L’Oreal also argued that the retaliatory conduct to which Yanowitz claimed to have been subjected — undue public criticism, heightened scrutiny of her performance, and undermining of her position — did not rise to the level of an “adverse employment action,” which is an essential element of any employment discrimination claim. Resolving a dispute among lower courts as to the definition of this element, the Court ruled that an adverse employment action is one that “materially” impacts an employee’s terms and conditions of employment. In so ruling, the Court rejected a broader standard adopted by the U.S. Court of Appeals for the Ninth Circuit and the Equal Employment Opportunity Commission that includes any action that is reasonably likely to deter an employee from engaging in protected activities. The Court wrote that mere offensive utterances or a pattern of social slights by the employer or co-worker cannot properly be viewed as materially affecting the terms and conditions of employment. Notably, however, the Court concluded that a “material impact” does not require that an employee suffer an economic detriment or a psychological injury. Rather, courts should look at the “entire spectrum of employment actions that are reasonably likely to adversely and materially affect an employee’s job performance or opportunity for advancement in his or her career.” The Court further stated that the proper approach is to examine the totality of the employer’s actions to determine if they collectively have a material impact on the employee, as opposed to determining whether each action individually rises to that level. The Court went on to find that Yanowitz had alleged sufficient facts to satisfy this standard, reasoning that she did not claim mere “inconveniences or insignificant changes in job responsibilities”; rather, the conduct she attributed to L’Oreal “placed her career in jeopardy.”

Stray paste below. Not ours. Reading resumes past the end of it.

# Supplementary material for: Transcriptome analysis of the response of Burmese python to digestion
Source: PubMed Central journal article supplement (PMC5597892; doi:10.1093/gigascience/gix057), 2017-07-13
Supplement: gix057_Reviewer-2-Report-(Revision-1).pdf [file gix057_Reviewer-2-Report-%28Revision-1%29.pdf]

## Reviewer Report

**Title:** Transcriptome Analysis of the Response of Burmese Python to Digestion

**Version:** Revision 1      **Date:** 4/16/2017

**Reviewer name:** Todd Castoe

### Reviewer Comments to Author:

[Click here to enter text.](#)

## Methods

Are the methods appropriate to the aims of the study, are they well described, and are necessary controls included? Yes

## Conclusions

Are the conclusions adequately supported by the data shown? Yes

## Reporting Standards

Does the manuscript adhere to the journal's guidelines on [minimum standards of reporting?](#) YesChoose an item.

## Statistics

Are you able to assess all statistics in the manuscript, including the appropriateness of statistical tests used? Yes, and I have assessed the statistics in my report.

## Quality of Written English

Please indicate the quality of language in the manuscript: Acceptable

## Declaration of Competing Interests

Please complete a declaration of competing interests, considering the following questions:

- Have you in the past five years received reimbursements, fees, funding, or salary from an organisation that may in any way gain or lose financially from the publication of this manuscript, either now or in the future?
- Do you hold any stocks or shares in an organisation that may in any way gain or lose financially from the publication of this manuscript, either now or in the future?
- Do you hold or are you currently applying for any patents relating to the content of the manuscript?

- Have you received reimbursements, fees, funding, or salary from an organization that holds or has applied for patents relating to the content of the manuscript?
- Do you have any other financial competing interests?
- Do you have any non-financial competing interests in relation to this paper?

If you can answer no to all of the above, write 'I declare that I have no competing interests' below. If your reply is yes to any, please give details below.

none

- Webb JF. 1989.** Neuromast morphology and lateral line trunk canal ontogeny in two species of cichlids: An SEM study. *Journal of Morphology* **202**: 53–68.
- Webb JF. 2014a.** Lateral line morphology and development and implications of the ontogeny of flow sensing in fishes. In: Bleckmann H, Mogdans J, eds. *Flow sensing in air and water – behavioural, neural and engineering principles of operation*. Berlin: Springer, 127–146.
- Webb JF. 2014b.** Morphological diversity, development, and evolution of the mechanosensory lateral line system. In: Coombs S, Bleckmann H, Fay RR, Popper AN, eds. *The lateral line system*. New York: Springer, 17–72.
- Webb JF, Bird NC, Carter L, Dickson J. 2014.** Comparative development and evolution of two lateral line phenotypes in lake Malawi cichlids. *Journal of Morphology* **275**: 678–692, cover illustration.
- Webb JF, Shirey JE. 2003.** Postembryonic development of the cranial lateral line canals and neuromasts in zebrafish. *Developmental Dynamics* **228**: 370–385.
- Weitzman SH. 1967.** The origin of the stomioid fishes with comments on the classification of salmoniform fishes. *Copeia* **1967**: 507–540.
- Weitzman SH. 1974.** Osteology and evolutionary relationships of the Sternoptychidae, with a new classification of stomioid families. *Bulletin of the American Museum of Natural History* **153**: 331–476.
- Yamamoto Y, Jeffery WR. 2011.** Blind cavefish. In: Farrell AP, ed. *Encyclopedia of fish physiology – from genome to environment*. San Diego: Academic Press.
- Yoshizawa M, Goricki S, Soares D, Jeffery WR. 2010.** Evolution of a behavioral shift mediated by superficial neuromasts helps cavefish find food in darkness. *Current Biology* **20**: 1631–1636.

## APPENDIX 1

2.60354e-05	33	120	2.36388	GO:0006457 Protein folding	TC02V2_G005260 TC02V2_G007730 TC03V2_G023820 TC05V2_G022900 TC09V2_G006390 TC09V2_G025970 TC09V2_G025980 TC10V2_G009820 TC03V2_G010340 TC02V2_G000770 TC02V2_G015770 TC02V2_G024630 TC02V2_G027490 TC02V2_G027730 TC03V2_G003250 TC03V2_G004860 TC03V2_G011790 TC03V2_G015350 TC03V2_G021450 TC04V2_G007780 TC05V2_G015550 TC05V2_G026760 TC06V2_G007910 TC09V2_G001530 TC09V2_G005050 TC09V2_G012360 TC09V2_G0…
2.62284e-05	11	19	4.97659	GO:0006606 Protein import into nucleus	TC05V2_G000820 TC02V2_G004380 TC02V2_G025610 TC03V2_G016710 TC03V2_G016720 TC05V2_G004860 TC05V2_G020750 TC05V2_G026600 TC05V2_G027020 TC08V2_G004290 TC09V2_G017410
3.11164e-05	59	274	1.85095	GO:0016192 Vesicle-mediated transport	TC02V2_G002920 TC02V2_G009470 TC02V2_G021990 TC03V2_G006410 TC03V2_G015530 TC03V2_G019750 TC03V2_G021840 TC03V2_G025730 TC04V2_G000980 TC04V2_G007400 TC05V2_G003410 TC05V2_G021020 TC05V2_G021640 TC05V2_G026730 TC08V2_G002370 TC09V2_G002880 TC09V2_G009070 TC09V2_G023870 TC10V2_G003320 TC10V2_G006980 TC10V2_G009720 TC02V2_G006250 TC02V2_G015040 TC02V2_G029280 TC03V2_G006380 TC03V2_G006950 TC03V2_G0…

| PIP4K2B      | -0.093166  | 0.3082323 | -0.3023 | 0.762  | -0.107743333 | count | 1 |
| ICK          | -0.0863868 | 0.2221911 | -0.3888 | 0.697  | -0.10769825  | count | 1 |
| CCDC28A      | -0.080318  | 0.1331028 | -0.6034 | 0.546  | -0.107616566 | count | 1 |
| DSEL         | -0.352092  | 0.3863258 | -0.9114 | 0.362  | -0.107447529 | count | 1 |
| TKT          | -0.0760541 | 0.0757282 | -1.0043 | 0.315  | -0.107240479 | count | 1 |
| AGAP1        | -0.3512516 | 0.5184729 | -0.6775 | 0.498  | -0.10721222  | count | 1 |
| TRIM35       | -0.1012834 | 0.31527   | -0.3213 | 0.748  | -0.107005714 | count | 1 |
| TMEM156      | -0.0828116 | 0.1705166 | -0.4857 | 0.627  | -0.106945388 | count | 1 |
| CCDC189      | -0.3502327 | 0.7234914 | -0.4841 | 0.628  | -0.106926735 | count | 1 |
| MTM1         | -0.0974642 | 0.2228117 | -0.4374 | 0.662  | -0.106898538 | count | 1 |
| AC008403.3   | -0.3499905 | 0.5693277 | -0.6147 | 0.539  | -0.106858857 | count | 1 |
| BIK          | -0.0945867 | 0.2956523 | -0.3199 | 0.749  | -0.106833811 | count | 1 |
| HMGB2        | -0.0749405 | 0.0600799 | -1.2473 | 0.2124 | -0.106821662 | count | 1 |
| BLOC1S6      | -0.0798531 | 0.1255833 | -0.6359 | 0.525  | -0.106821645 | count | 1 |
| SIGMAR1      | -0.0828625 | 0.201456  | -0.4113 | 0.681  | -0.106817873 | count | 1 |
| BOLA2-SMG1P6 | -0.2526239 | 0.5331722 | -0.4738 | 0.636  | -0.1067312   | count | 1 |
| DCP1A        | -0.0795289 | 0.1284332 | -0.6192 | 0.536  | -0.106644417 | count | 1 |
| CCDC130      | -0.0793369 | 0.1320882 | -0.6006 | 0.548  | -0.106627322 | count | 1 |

This decision signals an expansion of an employee’s right to sue for retaliation under FEHA. As a result, employers should review their policies to ensure there are clear and adequate procedures in place for employees to raise complaints of discrimination and harassment in the workplace. Supervisors and managers also should understand that an employee is not required to use “magic words” in order to oppose what he or she believes is discriminatory behavior in the workplace and, therefore, management should take all potential complaints seriously. Lastly, employers should be mindful of the fact that performance reviews and comparable feedback may now, in certain circumstances, “materially impact” an employee’s job and, therefore, employers may want to institute review procedures before such feedback is made a part of an employee’s record.